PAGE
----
The Program in Jewish Culture and Society and the Initiative in Holocaust, Genocide, and Memory Studies organized a special visit from Peter Balakian, a 2016 Pulitzer Prize-winning Armenian American poet, memoirist, and foremost scholar on the Armenian Genocide. This visit included Balakian delivering the Center for Advanced Study (CAS)/MillerComm lecture (video here) “The Armenian Genocide, Poetry of Witness, and Postmemory” on April 18th, 2016, close to the 101st anniversary of the Armenian Genocide. Balakian’s visit generated insightful conversations on history, literature, memory, and artistic representation of genocide and trauma.
Balakian’s work offers scholarship, creative output, and communal activism coming together to secure social justice for victims of mass violence. As the Donald M. and Constance H. Rebar Professor of the Humanities at Colgate University, Balakian delineates the importance of witnessing, remembering, and learning about genocides, both inside and outside of the classroom. He also teaches several courses at Colgate on genocide and writing, specifically examining works on the Armenian Genocide and the Holocaust. Balakian was awarded the 2016 Pulitzer Prize in Poetry for his Ozone Journal, a poetry collection that deals, in part, with the speaker's memories of excavating the remains of Armenian Genocide victims in the Syrian Desert. During his time at the U of Illinois, Balakian underscored the need for excavating and studying difficult pasts and the need to elucidate histories of collective violence into the general consciousness.
In the culmination of his visit, Balakian’s lecture was equal parts academic, creative, and historical. First, Balakian turned to Yeghishe Charents’s poem “Dantesque Legend.” Charents wrote “Dantesque Legend” based on his experiences as an eighteen-year-old volunteer battalion fighter against the Ottoman military that was massacring Armenians. Balakian argued that in witnessing the atrocities and confronting the trauma through poetry, Charents “ingested violence” in his “stiff-eyed seeing of unimaginable cruelty and violence.” By categorizing Charents’s poem as an example of “poetry that ingests violence,” Balakian emphasized a poetry’s weaving together the complex layers of the traumatic event. Then, Balakian turned to three of his own poems—“The History of Armenia,” “Road to Aleppo, 1915,” and “For My Grandmother, Coming Back”—to discuss his own explorations of Armenian memory, generational transmission of trauma and memory, and poetics. Balakian’s grandmother, a death march survivor, filed a human rights lawsuit against the Turkish government. Balakian learned about the document, which he weaves into his poem “The Claim,” years after his grandmother passed away, and this discovery prompted a lyrical impulse to try and retrieve something of what was lost. In these poems, Balakian explores his grandmother’s recall of the Genocide, confronts the harsh reality of deportations and death marches, and imagines a return to a lost homeland.
Balakian also fostered various conversations across campus. Balakian met with Creative Writing MFA students to discuss the challenges in writing about trauma, violence, and politics as well as pedagogical strategies related to teaching undergraduates about genocide; he also visited with graduate students from The Future of Trauma and Memory Studies Reading Group. At this meeting we discussed a selection of Balakian’s poems, a chapter from his memoir Black Dog of Fate, and a piece from his new essay collection, Vise and Shadow. Balakian facilitated cross-disciplinary dialogues that left members energized and excited. During a meeting with the Armenian Association of the University of Illinois we learned about Balakian’s research uncovering his family’s experiences during and after the Genocide as well as how he personally negotiates the inheritance of traumatic memories and speaks about this past. Through his engagement with international communities, Balakian has fascinating insight on memory work that crosses borders, developing dialogues between Armenians and other minority groups in Turkey.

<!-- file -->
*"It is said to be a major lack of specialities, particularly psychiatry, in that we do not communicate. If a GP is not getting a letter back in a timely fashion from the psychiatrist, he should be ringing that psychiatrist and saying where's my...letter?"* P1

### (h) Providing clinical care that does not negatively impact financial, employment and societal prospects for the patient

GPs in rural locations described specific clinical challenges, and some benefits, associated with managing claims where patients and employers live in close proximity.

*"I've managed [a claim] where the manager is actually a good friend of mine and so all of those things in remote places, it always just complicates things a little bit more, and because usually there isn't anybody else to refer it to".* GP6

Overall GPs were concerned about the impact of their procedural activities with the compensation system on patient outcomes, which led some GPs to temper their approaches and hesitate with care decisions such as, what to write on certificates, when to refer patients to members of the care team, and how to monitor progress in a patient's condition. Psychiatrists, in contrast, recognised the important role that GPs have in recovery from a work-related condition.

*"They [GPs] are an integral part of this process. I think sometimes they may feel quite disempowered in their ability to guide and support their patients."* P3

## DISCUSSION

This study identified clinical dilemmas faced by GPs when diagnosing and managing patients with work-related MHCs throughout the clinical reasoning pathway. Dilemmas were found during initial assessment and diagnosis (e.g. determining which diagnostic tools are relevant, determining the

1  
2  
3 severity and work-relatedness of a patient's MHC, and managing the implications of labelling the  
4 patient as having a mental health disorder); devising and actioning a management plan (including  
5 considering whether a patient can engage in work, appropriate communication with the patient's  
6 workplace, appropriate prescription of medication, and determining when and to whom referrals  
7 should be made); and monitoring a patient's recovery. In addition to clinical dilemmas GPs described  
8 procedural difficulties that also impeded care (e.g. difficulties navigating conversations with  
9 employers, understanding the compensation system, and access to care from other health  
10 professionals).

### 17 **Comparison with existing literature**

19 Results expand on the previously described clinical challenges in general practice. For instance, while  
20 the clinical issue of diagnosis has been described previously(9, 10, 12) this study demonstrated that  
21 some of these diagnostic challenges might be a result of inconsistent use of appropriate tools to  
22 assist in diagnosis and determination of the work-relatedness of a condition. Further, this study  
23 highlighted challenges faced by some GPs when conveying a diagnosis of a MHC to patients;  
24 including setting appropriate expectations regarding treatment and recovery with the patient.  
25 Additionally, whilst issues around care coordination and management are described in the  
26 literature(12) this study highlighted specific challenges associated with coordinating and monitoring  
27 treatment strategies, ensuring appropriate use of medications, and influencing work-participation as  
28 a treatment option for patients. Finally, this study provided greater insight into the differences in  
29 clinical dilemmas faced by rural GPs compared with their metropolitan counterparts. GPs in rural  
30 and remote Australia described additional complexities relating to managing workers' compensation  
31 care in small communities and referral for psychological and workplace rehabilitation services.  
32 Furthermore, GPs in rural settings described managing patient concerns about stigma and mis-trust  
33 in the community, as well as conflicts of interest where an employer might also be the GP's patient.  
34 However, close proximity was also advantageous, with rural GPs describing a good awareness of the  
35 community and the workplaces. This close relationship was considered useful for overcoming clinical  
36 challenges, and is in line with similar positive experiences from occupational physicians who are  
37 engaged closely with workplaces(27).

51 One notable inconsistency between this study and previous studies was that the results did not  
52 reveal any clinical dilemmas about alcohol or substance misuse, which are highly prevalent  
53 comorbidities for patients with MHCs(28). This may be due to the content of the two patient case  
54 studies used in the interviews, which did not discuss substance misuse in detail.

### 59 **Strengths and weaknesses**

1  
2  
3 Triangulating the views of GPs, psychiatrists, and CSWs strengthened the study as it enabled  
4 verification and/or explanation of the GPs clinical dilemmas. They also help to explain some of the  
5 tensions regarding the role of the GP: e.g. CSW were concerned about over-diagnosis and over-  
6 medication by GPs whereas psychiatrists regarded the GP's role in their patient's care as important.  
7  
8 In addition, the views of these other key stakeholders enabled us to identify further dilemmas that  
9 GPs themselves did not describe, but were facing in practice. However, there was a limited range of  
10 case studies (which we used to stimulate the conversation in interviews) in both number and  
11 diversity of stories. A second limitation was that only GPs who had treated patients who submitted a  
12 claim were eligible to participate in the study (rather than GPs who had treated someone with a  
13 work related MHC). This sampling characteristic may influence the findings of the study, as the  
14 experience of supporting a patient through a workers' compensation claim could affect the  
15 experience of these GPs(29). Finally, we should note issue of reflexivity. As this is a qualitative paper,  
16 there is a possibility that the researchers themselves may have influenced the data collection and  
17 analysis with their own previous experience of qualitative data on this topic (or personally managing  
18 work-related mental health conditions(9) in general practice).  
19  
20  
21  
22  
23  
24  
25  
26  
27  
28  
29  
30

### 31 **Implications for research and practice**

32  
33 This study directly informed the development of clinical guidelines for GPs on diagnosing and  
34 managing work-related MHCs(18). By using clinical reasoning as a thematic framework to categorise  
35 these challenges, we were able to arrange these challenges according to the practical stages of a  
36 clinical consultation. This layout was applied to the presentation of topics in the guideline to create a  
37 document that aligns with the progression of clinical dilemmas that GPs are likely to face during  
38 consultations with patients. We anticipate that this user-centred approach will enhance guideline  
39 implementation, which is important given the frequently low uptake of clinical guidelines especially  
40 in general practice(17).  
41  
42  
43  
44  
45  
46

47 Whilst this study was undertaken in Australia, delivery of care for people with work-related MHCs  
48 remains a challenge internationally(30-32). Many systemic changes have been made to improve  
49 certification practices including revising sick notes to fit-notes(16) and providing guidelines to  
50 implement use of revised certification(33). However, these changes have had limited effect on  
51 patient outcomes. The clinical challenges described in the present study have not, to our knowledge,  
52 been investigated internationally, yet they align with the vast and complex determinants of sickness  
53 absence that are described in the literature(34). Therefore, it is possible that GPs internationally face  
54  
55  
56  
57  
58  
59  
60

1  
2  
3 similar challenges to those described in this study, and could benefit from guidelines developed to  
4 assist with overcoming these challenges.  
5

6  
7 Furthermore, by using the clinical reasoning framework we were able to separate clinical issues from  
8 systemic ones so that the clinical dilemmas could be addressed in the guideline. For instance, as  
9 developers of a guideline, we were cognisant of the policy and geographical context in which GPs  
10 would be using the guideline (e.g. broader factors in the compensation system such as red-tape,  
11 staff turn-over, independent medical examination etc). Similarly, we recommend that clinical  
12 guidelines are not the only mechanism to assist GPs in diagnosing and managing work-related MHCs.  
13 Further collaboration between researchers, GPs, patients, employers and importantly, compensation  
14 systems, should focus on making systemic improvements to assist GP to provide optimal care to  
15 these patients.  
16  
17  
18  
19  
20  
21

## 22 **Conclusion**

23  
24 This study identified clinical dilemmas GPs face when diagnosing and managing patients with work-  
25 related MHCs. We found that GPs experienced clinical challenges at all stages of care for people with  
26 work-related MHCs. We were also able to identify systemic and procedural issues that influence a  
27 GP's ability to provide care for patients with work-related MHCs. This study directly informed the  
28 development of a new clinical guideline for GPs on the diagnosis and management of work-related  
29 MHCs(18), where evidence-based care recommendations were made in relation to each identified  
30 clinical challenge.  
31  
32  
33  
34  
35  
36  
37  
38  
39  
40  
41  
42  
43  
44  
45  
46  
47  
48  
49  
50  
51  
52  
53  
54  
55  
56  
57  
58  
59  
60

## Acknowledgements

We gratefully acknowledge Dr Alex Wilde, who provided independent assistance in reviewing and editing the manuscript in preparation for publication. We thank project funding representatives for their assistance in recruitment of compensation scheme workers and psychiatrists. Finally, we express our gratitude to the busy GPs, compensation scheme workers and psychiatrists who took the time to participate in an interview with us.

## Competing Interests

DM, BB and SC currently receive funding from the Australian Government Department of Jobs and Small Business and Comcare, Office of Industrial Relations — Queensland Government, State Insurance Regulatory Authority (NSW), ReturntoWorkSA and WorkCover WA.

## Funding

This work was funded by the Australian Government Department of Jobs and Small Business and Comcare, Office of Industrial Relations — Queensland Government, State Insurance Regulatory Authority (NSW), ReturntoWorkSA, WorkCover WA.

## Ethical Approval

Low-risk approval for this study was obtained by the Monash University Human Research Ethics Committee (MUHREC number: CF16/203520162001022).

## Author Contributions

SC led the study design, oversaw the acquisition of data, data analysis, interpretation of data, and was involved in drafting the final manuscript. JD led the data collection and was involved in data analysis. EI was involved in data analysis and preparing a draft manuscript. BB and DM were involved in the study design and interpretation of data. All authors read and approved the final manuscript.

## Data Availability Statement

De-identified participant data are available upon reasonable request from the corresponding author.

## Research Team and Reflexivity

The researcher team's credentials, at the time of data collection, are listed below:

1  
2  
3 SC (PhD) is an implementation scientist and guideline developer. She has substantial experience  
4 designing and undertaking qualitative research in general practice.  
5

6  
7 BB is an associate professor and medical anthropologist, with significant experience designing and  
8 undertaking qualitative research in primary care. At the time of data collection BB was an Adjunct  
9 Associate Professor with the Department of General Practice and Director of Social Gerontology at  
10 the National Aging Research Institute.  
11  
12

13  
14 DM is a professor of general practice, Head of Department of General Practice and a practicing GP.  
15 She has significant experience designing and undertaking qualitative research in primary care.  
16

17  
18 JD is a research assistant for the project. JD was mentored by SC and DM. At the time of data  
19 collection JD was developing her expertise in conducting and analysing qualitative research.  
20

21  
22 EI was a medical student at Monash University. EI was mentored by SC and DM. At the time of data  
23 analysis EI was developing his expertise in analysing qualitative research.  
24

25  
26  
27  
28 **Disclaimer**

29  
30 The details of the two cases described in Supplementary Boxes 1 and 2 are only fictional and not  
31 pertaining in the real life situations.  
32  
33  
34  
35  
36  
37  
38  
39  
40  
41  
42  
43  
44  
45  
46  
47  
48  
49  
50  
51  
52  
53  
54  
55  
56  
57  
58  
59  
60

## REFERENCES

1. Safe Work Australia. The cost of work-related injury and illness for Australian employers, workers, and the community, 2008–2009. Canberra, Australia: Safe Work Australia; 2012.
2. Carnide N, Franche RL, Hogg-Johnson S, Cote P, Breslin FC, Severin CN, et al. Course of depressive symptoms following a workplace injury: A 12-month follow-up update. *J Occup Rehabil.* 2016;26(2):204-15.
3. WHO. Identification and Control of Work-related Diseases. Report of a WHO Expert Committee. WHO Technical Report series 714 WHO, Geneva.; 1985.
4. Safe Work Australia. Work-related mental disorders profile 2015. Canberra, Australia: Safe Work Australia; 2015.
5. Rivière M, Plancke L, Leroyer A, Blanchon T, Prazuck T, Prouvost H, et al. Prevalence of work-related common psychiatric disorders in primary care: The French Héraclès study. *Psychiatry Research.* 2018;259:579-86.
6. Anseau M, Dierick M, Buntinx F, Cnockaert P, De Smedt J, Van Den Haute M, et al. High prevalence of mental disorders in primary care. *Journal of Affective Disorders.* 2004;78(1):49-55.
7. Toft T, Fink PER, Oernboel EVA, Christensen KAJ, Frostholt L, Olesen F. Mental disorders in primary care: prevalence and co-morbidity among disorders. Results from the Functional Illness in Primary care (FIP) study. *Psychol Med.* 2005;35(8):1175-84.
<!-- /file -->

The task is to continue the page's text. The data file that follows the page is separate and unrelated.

Throughout his visit, Balakian tasked individuals interested in the study of genocides to consider such far-reaching effects of humanitarian efforts. In 2015, during the centennial commemoration of the Genocide, Balakian recalled watching activists’ global efforts, media coverage of the commemoration and the historic event, and political entities’ formal recognition of the Genocide. He asserted that examples like the New York Times’sfive full page spread with color plates “represented some acute sense of an ethically meaningful moment” and contrasted recent coverage with historical representations and humanitarian outreach. Balakian argued that the “Armenian case provides us with many interesting vectors of study and exploration” in terms of how “the news stays news” and how “the history’s not dead.”
The generous support from The Program in Jewish Culture and Society and The Initiative in Holocaust, Genocide, and Memory Studies made possible Balakian’s lecture and his activities on campus.
Helen Makhdoumian is a Ph.D. student in English at the University of Illinois.